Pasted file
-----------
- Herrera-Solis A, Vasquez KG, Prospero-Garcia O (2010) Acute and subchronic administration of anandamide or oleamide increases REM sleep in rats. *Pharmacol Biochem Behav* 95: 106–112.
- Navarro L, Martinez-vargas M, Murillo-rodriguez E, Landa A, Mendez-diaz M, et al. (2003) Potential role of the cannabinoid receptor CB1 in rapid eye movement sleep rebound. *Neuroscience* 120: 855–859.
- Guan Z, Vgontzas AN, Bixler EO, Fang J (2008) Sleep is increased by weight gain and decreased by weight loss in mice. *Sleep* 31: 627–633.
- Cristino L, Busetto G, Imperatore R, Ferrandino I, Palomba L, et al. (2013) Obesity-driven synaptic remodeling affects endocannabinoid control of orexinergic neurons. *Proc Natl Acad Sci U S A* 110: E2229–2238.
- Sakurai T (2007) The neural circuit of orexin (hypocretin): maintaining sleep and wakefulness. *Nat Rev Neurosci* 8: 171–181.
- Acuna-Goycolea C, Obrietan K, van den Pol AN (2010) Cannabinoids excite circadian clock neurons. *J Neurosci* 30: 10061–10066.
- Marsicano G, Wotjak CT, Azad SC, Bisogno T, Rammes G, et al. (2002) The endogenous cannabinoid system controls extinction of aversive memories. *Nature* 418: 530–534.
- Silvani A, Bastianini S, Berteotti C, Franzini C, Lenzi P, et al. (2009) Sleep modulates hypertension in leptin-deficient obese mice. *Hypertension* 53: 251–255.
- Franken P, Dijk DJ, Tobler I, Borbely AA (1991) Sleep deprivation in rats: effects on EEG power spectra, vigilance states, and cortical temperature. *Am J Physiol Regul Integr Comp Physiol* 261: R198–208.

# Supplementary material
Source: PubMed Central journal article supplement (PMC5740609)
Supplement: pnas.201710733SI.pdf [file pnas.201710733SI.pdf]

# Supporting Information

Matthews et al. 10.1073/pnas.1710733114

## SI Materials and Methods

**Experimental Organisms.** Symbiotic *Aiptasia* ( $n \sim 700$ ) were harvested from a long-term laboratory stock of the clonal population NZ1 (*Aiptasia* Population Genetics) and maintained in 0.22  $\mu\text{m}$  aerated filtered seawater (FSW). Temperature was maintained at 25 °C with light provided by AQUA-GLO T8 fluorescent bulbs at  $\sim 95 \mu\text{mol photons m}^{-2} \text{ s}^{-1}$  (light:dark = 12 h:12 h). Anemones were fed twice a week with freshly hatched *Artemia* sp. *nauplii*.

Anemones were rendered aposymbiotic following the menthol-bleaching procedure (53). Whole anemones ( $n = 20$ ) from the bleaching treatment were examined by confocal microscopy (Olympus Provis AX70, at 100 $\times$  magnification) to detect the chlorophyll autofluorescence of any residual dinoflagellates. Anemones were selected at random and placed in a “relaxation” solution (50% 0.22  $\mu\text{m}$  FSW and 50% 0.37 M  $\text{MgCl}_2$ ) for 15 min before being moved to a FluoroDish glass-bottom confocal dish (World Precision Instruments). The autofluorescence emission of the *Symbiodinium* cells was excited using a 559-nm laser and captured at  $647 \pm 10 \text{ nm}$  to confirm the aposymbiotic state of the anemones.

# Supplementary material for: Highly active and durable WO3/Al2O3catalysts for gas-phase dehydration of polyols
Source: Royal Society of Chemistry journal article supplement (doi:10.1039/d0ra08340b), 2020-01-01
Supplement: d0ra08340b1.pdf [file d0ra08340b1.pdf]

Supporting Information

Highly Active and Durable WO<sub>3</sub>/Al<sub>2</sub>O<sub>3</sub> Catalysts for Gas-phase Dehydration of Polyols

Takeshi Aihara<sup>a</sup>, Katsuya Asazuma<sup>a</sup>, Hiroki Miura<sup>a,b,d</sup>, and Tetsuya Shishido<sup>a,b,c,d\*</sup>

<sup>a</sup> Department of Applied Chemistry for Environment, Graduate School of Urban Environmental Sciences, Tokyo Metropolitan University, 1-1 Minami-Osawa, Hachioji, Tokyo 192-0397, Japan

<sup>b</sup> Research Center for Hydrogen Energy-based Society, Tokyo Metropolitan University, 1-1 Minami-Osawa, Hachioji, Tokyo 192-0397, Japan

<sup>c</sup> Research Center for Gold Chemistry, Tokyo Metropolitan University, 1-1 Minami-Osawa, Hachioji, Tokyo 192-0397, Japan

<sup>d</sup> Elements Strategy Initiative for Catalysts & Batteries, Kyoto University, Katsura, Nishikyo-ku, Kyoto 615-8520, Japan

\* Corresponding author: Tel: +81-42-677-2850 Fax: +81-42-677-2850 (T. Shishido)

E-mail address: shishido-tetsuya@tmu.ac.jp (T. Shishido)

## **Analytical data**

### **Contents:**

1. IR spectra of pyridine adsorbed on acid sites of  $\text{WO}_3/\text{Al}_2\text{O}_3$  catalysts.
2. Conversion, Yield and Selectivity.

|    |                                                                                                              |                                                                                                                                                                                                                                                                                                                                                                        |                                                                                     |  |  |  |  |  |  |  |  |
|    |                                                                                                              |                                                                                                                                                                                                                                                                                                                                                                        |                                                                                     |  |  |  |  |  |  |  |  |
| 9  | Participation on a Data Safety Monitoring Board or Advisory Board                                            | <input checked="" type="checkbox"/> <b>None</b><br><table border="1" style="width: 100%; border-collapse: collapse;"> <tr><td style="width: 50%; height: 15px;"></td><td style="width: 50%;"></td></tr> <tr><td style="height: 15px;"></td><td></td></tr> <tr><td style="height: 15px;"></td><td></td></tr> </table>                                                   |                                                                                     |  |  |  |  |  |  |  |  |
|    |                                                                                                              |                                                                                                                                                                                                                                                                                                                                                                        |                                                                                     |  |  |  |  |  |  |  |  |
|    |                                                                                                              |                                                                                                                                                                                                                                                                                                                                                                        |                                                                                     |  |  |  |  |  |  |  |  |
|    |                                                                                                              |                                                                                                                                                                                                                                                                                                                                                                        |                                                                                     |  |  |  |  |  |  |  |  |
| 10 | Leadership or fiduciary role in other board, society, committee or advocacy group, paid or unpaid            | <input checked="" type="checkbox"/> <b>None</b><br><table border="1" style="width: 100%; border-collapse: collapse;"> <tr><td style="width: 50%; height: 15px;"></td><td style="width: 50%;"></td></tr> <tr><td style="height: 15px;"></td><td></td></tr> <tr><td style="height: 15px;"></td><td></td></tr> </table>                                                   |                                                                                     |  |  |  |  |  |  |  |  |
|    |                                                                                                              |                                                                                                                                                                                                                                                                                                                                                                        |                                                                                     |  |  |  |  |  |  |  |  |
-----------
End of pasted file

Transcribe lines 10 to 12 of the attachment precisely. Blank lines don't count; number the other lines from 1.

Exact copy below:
# Supplementary material
Source: PubMed Central journal article supplement (PMC5740609)
Supplement: pnas.201710733SI.pdf [file pnas.201710733SI.pdf]